The Kyrgyz Government’s Environmental Authority has issued five claims totalling Can$152 million relating to alleged environmental damage at Centerra Gold’s Kumtor project in central Kyrgyzstan.
Centerra’s subsidiary Kumtor Operating Company CJSC has received the claims from the State Inspectorate Office for Environmental and Technical Safety (SEITS) which include a $142 million claim for alleged damages in relation to the placement of waste rock from mining operations since 2000.
A further $4 million claim has been issued for use of water resources during the same period, with a $2.8 million claim made for waste placed in the tailings facility and for emissions between 2009 and 2011. The remaining $2.3 million claim is for alleged damages caused to land resources during the initial construction of the Kumtor facilities.
Centerra says it is studying the claims but believes the allegations are exaggerated or without foundation.
“We believe the Kumtor project complies with Kyrgyz laws, and meets or exceeds Kyrgyz and international environmental, safety, and health standards. The activities raised in the claims, particularly the mining and placement of waste rock on waste dumps, have been approved at all times by appropriate Kyrgyz authorities and are specifically referred to in Kumtor’s annual mine plans, which are submitted and approved annually by Kyrgyz authorities,” says Centerra president Ian Atkinson.
The claims have been referenced by the review of the Kumtor project which was carried out by the Kyrgyz Republic State Commission’s environmental and technical working group. The company is also reviewing an order from SEITS to take actions to correct the various environmental and technical violations alleged in the review.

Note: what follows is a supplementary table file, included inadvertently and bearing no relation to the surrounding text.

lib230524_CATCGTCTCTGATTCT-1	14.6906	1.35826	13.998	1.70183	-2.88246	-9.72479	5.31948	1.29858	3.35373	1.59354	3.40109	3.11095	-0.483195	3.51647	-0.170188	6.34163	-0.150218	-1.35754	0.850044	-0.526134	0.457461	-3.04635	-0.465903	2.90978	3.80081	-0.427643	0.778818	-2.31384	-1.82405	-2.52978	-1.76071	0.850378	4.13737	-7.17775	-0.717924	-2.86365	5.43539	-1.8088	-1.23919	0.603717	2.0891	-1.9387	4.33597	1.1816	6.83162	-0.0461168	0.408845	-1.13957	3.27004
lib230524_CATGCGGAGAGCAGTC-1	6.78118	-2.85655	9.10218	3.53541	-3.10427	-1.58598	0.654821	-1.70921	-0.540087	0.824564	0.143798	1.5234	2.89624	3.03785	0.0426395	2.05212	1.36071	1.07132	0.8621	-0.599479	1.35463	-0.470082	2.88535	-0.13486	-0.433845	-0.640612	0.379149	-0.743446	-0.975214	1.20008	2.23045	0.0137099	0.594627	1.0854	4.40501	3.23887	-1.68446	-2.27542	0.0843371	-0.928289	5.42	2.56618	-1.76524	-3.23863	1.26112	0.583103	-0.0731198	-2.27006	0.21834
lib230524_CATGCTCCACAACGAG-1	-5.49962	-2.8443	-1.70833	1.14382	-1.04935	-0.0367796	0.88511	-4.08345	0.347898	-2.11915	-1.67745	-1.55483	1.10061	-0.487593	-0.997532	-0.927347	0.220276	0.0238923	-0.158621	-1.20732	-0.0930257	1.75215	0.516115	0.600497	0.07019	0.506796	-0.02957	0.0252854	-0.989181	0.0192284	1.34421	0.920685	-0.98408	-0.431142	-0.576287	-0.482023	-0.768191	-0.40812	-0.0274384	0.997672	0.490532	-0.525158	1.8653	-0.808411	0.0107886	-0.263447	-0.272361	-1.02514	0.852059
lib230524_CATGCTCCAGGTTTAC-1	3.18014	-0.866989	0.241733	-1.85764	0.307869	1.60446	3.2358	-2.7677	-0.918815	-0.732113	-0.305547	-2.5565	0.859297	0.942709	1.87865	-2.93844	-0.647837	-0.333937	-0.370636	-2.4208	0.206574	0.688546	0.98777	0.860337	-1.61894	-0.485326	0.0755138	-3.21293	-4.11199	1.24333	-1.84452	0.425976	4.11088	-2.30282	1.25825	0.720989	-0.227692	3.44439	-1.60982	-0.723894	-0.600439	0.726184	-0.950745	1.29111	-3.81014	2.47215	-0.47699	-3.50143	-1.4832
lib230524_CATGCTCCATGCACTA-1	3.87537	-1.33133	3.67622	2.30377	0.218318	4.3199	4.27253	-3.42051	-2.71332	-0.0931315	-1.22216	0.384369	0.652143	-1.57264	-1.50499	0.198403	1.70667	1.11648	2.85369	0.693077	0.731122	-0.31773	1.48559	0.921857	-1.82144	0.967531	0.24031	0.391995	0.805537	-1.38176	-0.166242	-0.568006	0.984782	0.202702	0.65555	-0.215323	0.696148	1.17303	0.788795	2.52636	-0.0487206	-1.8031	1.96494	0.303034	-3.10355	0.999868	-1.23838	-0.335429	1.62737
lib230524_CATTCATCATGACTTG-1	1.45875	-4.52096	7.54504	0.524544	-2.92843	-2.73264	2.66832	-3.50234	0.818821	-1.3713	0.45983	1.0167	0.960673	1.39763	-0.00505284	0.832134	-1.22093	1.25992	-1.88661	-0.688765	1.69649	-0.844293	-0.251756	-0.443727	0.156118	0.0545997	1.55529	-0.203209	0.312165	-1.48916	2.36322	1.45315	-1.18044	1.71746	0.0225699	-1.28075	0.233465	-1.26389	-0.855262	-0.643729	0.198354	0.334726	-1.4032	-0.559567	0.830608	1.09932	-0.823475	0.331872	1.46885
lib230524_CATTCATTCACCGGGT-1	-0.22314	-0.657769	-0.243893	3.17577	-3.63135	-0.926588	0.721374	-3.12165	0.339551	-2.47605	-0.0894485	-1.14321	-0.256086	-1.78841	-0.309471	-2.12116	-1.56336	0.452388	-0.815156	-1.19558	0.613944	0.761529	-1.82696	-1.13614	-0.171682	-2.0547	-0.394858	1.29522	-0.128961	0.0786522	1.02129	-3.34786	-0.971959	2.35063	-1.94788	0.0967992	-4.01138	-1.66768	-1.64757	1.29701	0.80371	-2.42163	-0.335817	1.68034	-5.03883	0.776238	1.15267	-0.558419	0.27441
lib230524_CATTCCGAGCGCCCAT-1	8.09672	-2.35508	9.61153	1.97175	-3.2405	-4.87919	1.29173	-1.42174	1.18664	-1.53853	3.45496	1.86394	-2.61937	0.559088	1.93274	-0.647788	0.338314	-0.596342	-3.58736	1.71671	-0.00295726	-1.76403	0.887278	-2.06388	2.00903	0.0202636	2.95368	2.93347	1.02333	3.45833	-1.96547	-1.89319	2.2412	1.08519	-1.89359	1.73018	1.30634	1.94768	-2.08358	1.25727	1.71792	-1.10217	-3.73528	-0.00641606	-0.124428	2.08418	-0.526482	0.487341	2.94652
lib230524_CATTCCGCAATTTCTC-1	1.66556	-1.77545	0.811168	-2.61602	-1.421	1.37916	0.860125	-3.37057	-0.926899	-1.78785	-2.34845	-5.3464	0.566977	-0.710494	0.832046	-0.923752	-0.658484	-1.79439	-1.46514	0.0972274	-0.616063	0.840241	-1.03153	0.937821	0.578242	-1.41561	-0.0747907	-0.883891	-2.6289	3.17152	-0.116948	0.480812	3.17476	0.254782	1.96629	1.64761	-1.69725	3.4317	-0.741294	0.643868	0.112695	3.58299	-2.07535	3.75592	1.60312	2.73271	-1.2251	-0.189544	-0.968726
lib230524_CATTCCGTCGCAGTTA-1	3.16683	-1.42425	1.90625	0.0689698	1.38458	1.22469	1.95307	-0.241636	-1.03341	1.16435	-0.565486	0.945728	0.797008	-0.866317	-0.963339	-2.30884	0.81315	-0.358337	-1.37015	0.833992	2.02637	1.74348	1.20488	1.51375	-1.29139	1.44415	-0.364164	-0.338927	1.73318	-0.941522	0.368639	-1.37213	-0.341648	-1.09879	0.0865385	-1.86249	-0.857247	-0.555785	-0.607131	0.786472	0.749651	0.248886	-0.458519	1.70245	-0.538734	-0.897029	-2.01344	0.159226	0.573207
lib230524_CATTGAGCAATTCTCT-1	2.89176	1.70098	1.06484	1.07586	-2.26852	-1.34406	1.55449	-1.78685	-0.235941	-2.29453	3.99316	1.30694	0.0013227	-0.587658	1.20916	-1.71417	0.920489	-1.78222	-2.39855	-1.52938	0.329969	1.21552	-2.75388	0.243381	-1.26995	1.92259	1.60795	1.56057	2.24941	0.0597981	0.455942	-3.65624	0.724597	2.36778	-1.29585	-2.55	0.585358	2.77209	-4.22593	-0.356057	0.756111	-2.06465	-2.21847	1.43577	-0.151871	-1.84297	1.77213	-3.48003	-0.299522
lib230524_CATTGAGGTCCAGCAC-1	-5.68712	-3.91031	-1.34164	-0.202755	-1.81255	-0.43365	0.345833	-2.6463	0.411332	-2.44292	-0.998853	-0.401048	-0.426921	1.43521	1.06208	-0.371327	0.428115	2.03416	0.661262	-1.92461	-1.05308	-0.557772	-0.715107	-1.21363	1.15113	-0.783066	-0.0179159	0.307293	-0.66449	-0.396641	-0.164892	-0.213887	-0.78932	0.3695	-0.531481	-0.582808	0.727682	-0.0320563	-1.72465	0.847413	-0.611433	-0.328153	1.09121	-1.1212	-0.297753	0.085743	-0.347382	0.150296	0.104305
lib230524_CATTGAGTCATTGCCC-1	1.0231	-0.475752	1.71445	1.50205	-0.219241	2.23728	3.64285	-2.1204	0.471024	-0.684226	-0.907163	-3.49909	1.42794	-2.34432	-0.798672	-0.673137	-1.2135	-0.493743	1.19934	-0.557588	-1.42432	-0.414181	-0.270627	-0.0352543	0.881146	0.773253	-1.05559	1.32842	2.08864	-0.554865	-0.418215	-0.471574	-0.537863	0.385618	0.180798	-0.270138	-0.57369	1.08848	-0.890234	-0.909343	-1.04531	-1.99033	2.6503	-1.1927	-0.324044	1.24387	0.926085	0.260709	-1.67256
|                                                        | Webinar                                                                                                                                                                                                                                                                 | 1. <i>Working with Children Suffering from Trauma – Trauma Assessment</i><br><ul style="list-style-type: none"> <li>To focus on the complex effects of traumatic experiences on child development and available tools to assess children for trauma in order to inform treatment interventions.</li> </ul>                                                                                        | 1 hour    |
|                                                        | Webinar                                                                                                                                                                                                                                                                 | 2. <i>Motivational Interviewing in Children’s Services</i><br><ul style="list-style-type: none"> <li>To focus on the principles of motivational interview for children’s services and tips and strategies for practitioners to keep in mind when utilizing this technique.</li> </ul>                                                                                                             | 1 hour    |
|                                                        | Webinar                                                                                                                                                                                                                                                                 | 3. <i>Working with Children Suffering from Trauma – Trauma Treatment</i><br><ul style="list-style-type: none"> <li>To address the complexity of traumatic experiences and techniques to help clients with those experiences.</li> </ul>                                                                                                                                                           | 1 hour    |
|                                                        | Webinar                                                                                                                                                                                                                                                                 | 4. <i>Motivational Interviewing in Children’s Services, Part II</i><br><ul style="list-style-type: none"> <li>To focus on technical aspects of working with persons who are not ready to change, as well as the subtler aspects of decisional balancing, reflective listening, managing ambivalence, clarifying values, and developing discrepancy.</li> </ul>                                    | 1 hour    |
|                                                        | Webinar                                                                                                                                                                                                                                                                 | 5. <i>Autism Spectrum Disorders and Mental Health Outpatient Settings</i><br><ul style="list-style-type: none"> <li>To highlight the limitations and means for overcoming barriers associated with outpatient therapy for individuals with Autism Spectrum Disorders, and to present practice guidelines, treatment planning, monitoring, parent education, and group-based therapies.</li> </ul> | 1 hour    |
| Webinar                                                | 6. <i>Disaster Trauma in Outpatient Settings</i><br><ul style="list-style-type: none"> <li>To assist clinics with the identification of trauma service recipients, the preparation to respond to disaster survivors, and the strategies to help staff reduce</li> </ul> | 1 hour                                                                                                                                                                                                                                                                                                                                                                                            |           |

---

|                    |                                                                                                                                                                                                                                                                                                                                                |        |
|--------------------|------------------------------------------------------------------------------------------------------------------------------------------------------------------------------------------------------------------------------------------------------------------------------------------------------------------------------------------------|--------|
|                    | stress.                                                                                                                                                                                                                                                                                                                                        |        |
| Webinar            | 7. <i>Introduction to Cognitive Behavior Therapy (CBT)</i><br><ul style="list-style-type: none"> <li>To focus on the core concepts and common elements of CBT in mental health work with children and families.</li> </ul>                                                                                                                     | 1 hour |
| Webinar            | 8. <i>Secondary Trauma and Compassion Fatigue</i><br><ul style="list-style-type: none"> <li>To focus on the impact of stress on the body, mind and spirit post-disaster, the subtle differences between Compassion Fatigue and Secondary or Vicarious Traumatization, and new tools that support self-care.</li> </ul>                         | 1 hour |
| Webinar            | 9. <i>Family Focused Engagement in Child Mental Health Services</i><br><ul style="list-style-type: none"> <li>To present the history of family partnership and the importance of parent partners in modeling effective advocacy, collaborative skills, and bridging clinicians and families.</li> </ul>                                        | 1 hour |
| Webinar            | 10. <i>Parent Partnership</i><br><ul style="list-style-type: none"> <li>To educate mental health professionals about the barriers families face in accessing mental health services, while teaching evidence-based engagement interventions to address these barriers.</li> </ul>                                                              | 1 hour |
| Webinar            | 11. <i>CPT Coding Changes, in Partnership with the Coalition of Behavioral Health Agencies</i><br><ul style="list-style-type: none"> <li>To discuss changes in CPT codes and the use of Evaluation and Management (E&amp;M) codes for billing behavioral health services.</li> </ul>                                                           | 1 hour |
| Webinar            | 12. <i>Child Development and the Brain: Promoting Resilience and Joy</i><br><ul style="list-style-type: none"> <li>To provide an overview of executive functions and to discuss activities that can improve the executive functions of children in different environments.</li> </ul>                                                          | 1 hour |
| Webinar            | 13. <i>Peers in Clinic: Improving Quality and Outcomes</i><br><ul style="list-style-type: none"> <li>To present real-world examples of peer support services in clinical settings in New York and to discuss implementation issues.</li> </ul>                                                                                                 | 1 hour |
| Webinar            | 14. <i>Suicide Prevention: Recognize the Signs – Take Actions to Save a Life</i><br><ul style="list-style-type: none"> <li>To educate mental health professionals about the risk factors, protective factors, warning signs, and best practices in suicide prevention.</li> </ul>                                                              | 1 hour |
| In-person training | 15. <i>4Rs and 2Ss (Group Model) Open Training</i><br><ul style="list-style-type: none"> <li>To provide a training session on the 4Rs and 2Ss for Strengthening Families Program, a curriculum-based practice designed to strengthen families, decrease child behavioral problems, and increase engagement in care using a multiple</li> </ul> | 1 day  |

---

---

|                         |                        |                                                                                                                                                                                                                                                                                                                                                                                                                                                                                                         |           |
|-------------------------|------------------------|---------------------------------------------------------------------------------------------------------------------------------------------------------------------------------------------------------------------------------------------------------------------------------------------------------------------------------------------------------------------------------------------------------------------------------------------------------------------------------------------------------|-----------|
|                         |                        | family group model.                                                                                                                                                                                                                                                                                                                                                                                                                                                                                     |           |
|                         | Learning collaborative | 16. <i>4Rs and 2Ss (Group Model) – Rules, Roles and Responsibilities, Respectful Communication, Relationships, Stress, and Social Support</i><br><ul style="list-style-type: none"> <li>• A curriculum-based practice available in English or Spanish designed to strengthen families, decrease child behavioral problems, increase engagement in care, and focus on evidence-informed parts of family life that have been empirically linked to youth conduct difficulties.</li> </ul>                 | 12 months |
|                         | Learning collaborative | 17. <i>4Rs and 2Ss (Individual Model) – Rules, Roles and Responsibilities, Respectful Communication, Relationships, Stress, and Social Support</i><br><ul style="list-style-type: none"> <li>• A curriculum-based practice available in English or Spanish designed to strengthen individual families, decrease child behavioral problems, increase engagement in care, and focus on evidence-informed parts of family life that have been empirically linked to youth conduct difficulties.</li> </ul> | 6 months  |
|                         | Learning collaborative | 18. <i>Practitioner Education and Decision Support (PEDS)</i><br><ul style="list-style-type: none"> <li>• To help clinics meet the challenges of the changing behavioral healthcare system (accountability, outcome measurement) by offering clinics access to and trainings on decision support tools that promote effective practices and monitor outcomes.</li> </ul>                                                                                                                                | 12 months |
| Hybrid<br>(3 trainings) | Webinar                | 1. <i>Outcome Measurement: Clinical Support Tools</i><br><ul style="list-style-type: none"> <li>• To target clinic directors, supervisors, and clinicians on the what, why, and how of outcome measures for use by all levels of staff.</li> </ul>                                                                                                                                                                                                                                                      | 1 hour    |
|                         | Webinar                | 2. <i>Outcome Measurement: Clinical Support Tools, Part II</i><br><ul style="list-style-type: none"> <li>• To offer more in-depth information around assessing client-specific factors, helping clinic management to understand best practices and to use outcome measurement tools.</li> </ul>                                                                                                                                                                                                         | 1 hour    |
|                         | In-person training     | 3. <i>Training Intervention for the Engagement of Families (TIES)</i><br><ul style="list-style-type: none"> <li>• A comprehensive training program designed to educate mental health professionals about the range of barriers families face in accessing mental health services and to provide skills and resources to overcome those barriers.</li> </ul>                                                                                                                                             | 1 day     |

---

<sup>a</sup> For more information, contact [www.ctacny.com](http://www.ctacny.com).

Centerra says the Kumtor project agreements were re-stated in 2009 and signed by both the company and Kyrgyz Republic, which fully released Kumtor in respect of all prior claims including all environmental matters known by any Krygyz authority.
Systematic audits and investigations have been conducted at Kumtor in previous years by domestic and international experts. The most recent independent site visit and expert review reported in October this year that ‘No major or materially significant environmental issues were identified’.
Centerra says its management team will meet with senior Kyrgyz government officials to discuss the claims, while the State Commission continues its work on schedule to report to parliament in early 2013.
“The company has benefited from a close and constructive dialogue with Kyrgyz authorities over many years and remains committed to continuing to work with them to resolve these issues in accordance with the New Project Agreements, which provide for all disputes to be resolved by international arbitration, if necessary,” says Ian Atkinson.